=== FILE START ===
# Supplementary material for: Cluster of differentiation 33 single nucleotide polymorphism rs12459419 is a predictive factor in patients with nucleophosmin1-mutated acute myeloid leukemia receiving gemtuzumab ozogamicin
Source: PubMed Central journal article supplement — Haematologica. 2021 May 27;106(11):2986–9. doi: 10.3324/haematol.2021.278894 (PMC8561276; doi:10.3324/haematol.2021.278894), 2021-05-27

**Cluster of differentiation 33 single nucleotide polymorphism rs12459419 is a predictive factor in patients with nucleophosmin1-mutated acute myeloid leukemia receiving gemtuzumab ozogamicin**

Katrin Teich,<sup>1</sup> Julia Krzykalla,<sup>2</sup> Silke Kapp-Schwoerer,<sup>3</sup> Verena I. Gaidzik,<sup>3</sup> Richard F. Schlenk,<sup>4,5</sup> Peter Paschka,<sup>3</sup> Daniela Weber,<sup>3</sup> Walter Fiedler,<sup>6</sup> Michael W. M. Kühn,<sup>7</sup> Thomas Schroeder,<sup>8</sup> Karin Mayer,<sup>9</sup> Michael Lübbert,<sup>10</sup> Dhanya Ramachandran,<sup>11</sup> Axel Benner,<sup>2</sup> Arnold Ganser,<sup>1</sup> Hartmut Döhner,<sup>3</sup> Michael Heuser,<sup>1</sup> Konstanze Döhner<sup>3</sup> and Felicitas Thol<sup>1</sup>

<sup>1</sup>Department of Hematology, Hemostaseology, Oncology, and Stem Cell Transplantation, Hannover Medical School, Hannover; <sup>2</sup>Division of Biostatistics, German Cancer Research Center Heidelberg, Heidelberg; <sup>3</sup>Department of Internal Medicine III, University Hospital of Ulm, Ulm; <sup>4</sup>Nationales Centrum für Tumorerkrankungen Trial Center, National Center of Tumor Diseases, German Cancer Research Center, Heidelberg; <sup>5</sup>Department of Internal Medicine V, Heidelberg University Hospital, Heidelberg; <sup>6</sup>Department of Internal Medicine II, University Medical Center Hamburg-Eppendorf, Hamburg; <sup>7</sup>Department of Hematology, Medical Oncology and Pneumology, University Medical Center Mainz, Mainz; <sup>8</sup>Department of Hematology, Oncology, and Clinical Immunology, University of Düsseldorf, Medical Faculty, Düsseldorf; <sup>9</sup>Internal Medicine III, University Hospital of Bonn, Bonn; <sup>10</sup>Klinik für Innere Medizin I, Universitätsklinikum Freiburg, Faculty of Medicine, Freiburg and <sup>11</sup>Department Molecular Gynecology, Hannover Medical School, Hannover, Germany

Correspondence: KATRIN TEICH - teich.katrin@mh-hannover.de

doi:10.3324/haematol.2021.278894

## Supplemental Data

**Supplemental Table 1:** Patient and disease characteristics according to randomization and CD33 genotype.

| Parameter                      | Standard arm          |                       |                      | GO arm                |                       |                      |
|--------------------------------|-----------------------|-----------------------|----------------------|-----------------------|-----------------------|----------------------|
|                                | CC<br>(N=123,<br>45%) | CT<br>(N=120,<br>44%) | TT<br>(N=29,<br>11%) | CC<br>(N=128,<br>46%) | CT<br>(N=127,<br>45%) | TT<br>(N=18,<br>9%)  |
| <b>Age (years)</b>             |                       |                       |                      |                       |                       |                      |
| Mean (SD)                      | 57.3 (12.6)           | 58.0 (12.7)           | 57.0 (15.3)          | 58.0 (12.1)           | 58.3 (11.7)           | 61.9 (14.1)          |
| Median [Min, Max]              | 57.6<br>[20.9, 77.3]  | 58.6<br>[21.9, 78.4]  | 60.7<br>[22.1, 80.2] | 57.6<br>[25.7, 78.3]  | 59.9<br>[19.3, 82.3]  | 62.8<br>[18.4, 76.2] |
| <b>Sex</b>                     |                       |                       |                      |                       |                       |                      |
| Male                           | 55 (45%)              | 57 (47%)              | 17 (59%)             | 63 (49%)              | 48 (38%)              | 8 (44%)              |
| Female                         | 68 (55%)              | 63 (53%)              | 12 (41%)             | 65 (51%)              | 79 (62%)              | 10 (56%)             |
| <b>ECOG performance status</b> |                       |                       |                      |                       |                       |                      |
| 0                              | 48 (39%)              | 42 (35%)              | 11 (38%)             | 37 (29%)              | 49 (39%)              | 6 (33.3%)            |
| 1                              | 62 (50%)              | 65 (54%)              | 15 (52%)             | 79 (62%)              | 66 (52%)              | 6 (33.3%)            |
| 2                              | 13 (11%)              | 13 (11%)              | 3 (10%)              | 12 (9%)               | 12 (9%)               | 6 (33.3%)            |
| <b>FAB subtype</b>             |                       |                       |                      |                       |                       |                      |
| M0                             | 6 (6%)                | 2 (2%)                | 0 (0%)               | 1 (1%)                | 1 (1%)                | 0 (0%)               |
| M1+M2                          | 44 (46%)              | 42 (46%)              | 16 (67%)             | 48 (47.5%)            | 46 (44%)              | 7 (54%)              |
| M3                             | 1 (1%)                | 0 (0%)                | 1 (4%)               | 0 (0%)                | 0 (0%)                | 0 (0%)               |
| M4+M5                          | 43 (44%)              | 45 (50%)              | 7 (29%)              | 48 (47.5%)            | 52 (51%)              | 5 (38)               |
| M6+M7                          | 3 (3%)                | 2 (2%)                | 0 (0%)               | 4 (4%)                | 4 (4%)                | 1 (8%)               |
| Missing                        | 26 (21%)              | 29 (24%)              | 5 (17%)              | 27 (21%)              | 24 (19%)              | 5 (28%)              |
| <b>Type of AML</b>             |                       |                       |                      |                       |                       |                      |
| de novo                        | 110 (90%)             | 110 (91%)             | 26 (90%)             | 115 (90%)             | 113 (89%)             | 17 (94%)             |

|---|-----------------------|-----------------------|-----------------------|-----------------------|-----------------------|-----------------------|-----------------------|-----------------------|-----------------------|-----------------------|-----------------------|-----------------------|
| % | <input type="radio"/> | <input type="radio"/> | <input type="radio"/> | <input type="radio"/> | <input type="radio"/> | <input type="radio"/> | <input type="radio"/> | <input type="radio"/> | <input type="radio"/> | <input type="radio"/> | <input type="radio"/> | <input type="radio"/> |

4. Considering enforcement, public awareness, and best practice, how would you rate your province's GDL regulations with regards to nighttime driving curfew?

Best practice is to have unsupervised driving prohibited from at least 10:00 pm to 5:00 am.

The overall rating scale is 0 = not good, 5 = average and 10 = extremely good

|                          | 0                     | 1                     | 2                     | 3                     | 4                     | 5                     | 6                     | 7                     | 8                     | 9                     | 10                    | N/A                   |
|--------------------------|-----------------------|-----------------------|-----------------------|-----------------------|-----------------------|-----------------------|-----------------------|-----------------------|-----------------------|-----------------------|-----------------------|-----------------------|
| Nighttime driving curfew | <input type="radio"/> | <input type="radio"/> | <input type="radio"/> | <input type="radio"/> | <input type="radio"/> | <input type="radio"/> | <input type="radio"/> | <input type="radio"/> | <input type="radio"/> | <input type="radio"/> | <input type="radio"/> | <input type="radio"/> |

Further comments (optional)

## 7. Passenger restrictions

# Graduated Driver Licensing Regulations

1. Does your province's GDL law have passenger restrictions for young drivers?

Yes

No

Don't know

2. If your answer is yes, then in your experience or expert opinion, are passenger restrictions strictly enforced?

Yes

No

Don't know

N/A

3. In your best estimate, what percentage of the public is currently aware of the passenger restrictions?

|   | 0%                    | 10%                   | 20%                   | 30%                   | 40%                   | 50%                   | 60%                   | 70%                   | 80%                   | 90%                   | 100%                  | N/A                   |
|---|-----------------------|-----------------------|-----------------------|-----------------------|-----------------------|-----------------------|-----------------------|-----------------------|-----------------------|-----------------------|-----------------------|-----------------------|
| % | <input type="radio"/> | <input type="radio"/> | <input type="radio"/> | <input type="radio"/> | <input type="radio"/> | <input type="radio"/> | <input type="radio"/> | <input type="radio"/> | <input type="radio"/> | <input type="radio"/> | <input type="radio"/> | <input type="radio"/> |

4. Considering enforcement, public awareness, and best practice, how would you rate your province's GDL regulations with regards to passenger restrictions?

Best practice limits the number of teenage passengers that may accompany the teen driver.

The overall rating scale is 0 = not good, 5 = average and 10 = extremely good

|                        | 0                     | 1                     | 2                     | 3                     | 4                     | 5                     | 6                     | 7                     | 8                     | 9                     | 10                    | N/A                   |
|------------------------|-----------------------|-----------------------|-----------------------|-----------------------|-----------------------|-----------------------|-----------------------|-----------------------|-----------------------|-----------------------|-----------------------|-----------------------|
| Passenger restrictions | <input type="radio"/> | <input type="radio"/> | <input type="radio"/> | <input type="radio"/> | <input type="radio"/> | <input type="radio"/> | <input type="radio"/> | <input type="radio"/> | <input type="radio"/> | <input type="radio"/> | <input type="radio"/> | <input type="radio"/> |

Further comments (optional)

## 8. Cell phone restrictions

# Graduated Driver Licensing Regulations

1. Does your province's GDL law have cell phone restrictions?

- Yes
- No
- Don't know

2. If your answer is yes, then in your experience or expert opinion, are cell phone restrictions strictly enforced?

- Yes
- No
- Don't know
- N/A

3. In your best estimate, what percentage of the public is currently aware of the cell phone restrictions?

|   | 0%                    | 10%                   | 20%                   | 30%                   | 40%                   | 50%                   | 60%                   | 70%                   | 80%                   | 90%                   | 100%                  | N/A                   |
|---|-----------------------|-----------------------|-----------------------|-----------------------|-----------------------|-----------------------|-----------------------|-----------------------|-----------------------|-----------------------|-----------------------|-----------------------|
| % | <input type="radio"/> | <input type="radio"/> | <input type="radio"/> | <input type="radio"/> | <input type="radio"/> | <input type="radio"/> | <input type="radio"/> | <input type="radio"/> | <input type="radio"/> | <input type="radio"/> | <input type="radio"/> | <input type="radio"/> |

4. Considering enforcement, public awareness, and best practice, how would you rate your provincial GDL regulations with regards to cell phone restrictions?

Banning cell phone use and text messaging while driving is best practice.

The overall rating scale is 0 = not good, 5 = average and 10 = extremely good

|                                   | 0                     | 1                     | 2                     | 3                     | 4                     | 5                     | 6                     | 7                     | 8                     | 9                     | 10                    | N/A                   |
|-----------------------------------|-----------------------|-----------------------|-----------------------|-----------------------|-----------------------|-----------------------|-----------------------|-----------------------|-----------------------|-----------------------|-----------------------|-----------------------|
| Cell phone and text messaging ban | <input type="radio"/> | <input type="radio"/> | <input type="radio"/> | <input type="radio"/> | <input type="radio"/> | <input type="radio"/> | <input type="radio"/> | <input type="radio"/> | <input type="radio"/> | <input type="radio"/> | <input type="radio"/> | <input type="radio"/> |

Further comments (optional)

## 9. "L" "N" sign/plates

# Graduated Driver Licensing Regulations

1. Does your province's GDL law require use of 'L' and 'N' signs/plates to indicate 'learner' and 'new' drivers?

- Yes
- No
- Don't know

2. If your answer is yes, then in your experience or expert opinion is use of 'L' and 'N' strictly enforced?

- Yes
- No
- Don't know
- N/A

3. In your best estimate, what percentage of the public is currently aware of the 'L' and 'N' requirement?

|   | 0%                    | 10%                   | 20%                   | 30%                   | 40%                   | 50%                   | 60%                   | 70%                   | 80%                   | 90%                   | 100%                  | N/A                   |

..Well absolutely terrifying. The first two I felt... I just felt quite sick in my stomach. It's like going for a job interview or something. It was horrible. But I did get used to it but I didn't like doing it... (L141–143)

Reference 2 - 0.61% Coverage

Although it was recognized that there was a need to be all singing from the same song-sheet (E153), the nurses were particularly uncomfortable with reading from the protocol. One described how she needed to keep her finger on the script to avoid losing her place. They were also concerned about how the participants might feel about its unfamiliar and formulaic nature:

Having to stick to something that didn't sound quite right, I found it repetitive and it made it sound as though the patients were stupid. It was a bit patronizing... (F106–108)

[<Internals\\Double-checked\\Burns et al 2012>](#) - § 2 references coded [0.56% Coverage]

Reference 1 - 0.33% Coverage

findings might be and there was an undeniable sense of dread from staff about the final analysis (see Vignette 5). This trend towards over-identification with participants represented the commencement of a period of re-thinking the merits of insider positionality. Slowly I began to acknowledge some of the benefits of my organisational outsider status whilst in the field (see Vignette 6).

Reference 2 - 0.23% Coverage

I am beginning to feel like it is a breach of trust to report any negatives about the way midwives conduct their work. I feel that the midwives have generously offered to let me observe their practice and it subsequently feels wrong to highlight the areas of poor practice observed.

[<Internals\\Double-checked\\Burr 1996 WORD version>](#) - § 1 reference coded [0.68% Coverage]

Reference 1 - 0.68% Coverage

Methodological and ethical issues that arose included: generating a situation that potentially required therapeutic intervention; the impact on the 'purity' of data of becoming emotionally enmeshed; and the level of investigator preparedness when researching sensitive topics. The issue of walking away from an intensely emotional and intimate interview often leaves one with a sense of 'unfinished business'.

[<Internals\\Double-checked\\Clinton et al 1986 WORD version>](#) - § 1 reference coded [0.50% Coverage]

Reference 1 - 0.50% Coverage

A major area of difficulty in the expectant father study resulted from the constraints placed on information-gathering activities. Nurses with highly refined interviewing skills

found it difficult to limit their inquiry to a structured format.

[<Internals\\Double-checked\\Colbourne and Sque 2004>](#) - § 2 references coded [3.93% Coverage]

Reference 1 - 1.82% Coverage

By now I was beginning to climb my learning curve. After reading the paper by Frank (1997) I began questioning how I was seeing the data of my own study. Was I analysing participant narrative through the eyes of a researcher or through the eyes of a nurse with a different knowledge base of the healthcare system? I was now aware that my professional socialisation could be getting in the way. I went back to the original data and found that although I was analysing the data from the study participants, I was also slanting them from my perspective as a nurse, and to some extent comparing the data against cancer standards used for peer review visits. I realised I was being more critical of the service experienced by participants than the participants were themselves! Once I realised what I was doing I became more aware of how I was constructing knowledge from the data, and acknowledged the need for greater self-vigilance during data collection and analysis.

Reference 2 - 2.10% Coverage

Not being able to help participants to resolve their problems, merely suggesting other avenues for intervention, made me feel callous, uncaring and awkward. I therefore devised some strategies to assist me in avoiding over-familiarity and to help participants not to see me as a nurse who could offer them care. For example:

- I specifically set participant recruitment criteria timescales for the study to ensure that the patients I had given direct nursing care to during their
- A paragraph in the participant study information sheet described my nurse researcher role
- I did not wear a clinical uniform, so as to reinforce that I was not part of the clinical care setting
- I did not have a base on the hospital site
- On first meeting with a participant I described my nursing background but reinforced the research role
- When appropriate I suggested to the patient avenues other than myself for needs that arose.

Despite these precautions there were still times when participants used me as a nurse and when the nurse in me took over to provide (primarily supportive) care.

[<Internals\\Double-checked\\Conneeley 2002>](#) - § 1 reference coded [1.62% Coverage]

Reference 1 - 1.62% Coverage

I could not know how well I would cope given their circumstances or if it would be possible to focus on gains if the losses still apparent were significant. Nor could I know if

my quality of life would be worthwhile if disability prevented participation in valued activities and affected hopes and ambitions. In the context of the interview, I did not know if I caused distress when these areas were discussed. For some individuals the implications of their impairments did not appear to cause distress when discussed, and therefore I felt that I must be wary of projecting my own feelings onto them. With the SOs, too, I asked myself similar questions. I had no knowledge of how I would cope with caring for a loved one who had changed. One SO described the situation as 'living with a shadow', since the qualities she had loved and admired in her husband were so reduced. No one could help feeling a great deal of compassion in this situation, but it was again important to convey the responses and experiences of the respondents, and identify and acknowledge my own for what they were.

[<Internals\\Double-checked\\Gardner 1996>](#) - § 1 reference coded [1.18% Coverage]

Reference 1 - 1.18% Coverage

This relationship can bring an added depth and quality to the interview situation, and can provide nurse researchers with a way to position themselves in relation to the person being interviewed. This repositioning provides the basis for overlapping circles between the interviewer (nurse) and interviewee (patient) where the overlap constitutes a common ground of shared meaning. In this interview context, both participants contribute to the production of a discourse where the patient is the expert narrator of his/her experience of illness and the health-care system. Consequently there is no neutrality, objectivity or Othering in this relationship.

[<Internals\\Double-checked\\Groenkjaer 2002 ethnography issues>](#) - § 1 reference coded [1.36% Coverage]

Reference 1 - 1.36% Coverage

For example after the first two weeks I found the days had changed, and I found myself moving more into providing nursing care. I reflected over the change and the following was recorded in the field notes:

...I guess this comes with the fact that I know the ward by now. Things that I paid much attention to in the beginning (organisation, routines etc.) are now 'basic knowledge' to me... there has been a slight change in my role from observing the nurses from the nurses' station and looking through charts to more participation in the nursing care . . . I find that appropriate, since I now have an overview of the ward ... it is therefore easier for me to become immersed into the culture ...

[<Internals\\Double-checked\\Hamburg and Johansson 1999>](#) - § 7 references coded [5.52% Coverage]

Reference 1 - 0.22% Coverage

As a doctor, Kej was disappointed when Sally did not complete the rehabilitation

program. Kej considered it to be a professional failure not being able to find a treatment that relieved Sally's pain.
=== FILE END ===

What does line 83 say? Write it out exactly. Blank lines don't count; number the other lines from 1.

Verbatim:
| Cell phone and text messaging ban | <input type="radio"/> | <input type="radio"/> | <input type="radio"/> | <input type="radio"/> | <input type="radio"/> | <input type="radio"/> | <input type="radio"/> | <input type="radio"/> | <input type="radio"/> | <input type="radio"/> | <input type="radio"/> | <input type="radio"/> |